The Indians called the river Greasy Grass. It runs today, as it did a century ago, amid a grove of cottonwood trees and wild rose bushes, sheltered by a line of hills that rise to the east like a wrinkled, puzzled brow.
At noon or later, when the summer sun fills the big Montana sky and makes you squint through the haze and the dust at the river below, you can easily imagine the Indian camp of a hundred years ago: thousands of lodges that jammed the valley and sheltered as many as 15,000 Sioux and Cheyenne.
Squint harder, and you can forget the Burlington Railroad tracks that crawl along the valley at about the spot where the Seventh Cavalry first launched its attack, and ignore the highway culvert where Sitting Bull's Uncpapa Sioux first turned the bluecoats back.
It doesn't take much to envision the troopers as they climbed from their horses to set up a skirmish line, or to see them break and run, splashing across the Little Big Horn River, pursued by red-skinned warriors, and up the bluff toward where you stand.
You can almost hear the sound of battle: the hoofbeats of panicked horses, the frantic commands of officers, the staccato gunfire of Springfield rifles, the buzz of arrows -- the curses, prayers and frightened cries of Lt. Col. George Armstrong Custer's dying men.
Then close your eyes and listen to the silence -- to the rustle of box elder branches in the wind and the gurgle of water down below -- and imagine the scene as the battle ended: dead horses dotting the hillside, the bodies of soldiers lying in the sun, the victors riding away with guns and uniforms taken from the defeated foe.
A well-preserved battlefield can do that to you -- and, for now at least, the battlefield at Little Big Horn in southeast Montana remains in pristine condition: almost exactly as it was on June 25, 1876, the day of Custer's Last Stand.
I have always been a history buff -- not the kind that brings a metal detector to comb the ground for arrowheads or bullets, or elaborate maps to chart the advance of each battalion -- but if I'm passing the grounds at Wilderness or Bull Run, I seldom fail to take the time to wander through, reading the markers and letting my imagination ramble.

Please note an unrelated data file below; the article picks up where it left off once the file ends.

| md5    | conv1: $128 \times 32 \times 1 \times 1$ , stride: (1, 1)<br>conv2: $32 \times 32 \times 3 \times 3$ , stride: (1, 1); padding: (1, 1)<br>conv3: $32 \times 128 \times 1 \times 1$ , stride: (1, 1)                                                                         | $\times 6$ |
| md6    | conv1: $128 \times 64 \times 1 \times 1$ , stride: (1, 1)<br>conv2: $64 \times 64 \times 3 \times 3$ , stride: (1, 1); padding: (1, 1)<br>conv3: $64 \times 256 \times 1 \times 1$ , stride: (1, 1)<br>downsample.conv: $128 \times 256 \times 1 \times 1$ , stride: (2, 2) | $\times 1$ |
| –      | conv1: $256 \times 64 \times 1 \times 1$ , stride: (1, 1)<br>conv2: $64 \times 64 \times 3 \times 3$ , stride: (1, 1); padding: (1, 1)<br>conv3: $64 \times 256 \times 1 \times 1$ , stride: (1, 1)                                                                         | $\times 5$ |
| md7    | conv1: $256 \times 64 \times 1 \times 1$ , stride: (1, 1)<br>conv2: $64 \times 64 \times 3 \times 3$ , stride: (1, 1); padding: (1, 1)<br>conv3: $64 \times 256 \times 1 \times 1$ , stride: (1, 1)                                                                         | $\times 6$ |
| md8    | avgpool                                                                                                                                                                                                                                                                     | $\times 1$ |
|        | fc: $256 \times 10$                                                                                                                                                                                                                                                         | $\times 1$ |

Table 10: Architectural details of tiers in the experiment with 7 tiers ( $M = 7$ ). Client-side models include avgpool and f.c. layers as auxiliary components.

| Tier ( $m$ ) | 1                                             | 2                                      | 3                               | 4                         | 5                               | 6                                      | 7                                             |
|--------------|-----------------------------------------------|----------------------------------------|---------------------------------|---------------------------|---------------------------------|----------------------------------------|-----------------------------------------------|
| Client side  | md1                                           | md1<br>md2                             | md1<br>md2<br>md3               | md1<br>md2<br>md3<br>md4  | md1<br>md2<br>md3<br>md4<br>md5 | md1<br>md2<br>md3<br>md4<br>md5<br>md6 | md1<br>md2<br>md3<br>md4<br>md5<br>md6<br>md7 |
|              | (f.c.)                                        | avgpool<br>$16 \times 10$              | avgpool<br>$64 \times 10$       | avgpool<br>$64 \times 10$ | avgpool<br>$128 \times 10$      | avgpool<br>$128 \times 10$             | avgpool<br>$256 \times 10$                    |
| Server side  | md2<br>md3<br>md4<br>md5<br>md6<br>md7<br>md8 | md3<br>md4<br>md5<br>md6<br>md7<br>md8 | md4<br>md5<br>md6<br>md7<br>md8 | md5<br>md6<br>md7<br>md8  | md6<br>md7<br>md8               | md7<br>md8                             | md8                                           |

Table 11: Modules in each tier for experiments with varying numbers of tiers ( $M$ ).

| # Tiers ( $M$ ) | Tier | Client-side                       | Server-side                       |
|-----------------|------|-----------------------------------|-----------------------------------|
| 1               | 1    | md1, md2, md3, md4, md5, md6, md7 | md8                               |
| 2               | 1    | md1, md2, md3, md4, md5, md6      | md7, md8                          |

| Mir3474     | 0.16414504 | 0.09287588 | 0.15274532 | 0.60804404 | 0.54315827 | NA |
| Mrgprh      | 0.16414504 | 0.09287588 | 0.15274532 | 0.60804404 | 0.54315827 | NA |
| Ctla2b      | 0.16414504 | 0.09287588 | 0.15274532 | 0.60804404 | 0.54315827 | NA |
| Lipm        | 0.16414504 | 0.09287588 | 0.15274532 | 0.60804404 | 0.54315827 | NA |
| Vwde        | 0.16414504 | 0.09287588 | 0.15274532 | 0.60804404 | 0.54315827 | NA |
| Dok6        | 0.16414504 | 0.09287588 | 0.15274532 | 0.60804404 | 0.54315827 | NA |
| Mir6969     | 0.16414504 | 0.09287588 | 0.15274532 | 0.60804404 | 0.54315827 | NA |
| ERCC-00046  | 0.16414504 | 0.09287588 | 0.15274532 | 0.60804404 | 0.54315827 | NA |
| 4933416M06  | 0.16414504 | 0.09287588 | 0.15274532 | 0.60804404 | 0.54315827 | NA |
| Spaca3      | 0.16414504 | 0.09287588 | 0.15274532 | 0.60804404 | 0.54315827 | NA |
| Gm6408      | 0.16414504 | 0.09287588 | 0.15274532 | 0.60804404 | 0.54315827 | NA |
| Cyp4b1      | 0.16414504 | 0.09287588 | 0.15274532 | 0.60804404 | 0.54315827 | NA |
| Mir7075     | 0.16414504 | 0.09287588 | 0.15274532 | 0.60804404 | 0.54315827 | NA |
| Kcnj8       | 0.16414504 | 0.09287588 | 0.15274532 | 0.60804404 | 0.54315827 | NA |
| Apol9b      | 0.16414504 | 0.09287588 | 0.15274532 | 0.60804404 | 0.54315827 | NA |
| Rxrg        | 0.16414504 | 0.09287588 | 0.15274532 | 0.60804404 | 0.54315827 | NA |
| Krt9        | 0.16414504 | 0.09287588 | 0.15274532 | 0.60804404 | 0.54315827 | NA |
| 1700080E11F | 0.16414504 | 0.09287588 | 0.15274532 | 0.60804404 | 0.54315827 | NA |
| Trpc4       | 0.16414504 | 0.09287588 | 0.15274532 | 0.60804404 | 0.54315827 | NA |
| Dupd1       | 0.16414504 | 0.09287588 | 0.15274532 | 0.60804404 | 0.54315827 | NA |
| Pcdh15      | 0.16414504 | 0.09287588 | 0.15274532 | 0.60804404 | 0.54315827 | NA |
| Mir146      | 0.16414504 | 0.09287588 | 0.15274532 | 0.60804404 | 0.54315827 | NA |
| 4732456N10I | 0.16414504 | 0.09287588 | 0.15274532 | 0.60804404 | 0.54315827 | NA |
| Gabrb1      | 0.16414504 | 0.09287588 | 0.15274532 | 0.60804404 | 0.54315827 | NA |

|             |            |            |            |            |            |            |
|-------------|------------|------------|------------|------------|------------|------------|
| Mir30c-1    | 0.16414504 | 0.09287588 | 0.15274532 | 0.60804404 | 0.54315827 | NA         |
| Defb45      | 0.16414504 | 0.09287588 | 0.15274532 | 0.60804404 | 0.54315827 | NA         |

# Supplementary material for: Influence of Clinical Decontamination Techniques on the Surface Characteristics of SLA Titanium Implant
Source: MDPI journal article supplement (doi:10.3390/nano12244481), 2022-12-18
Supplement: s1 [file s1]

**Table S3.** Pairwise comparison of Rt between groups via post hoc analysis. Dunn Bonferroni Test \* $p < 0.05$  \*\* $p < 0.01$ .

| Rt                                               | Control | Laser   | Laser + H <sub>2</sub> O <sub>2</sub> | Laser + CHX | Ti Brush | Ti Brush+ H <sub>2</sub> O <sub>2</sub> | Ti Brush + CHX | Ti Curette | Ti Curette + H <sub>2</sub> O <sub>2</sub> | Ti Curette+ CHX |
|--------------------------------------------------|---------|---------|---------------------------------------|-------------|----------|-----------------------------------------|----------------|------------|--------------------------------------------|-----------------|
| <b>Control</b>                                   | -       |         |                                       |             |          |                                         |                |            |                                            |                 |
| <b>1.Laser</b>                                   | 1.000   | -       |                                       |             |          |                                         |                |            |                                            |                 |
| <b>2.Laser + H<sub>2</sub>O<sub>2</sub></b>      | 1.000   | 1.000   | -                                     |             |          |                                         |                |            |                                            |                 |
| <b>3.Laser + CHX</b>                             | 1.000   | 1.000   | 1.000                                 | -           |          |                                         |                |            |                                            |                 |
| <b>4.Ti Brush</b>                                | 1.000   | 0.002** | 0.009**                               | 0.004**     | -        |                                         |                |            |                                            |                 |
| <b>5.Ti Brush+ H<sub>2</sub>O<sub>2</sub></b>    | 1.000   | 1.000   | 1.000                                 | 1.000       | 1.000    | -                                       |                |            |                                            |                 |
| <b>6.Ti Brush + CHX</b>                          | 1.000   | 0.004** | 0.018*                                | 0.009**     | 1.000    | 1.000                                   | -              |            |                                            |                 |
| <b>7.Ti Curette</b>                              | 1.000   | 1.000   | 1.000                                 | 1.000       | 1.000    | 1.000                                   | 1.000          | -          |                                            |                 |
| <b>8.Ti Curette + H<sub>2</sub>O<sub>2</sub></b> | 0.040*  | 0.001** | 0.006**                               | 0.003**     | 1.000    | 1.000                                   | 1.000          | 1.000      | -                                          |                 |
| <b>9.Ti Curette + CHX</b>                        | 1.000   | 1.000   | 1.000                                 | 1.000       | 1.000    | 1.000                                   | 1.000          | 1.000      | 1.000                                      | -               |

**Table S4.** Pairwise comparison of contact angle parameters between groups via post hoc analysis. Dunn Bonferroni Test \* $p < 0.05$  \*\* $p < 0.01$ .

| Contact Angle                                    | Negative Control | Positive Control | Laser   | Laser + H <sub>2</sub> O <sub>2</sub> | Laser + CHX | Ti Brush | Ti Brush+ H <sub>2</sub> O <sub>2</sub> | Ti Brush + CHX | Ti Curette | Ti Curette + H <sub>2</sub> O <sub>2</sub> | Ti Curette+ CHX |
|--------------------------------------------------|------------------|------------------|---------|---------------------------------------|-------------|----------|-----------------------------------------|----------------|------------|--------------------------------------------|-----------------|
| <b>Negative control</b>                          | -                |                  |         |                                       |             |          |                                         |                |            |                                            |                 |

I get it from my mom, I guess. When my dad was away on business trips she'd pack us in the car and off we would go to see the bridge at Concord, the green at Lexington or the battlements at Yorktown. The genes did the rest.
Later, the presence of history helped lure me to the University of Virginia, and on many a spring night we would go "boondocking" with the girls from Mary Washington College -- winding down dark roads in the battlefield parks at Fredericksburg or Chancellorsville to build a fire by the river and slip "Baby I'm-a Want You" on the Mustang tape deck, hoping that the ghosts of the men who died at Bloody Angle might drive her closer into your arms.
Virginia is justifiably proud of its Civil War battlefields -- to a large extent they remain as they were -- but to my mind none can hold a candle to the field at Little Big Horn in re-creating the atmosphere of a century ago.
The Custer Battlefield National Monument, as it is formally known, remains well preserved. It is one of our youngest battle parks and perhaps the most isolated, and much of the field remains in the hands of the Crow Indians. The Sioux and Cheyenne may have carried the day, but the descendants of Custer's Crow scouts retained the land -- and their poverty has precluded any extensive commercial development.
It is here, on the flanks of the Wolf Mountains 65 miles southeast of Billings, that Custer and his 675 men descended on the people of Sitting Bull, Crazy Horse and Gall one hot summer day. To the Indians, it was the Moon When the Chokeberries Are Ripe (June). The Seventh Cavalry was just part of a massive U.S. force determined to herd the tribes back to their reservations. More than 900 books and a dozen Hollywood films have told the tale often enough: how Custer divided his command into three columns, sending Capt. Frederick Benteen to search for more Indians, ordering Maj. Marcus Reno to attack the southern end of the camp and taking 200 men along the bluffs to the north with the intention of surrounding his opponents.
Yet much of the allure of the battlefield is the mystery that still surrounds Custer's fate. There were no white survivors of the Last Stand, and Indian accounts vary. Was Custer killed early in the battle, throwing his command into turmoil? Or was he -- as several Indians testified later -- truly the last to fall? Did his men panic or fight bravely? Did any shoot themselves? Did they reach the river, meet a furious defense and retreat? Or were they surrounded on the bluffs and killed as they tried to consolidate their position?